Forests cover 30 percent of the Earth's surface. They purify our air and water, control soil erosion, foster biodiversity, serve as habitat for wildlife, and provide us with places to hike, fish, hunt, camp, and enjoy undisturbed environments. Forests also serve as carbon "sinks," absorbing and storing vast amounts of carbon, making them one of our best defenses against global warming. In the U.S., we rely on the expansion of forest carbon sinks to offset approximately 13 percent of our global warming pollution every year.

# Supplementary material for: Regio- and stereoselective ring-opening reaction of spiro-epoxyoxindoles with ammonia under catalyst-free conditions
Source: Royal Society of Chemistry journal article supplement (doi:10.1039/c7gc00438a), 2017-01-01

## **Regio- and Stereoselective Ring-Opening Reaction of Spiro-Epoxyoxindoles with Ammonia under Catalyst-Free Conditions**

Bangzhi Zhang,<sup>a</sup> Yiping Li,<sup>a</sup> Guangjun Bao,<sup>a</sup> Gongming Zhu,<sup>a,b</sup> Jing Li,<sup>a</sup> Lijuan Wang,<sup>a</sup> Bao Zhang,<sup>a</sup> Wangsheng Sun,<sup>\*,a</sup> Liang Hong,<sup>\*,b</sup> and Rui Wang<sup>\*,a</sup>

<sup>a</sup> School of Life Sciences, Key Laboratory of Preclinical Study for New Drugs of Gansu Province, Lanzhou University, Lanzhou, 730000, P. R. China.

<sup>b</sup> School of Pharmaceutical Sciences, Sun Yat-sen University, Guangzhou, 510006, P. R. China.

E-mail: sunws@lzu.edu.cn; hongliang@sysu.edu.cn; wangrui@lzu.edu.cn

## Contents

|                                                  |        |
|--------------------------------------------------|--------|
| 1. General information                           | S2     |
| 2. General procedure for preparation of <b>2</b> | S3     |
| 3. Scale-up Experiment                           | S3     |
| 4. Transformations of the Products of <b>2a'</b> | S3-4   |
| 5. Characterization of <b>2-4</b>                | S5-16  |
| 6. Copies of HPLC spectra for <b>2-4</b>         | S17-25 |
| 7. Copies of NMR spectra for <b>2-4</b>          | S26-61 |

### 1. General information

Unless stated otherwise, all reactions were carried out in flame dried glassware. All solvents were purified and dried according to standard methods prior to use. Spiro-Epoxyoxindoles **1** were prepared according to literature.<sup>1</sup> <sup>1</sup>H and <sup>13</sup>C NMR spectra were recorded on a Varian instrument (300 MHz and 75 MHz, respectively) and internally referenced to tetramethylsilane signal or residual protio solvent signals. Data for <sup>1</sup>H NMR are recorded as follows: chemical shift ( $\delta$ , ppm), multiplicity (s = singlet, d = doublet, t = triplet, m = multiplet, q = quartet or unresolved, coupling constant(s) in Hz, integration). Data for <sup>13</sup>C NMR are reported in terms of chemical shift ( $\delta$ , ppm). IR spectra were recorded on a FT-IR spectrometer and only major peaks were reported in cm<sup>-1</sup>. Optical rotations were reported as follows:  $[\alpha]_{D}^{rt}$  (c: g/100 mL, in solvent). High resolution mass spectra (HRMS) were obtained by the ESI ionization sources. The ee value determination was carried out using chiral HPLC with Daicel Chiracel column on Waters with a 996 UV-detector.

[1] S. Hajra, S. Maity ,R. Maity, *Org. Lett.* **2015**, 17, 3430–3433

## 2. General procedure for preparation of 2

Power companies, facing pressure to find alternatives to fossil fuels like coal, are increasingly proposing to burn whole trees for energy instead. They are doing so under the mistaken assumption that, because trees can grow back, they are a "carbon neutral" fuel source, one that completely balances the production and use of carbon, resulting in zero net emissions. But just like coal, when trees are burned in power plants, the carbon they have accumulated over long periods of time is released into the atmosphere. Unlike coal, however, trees will continue to absorb carbon if left alone. So burning forests for energy not only emits a lot of carbon, but also degrades our carbon sinks.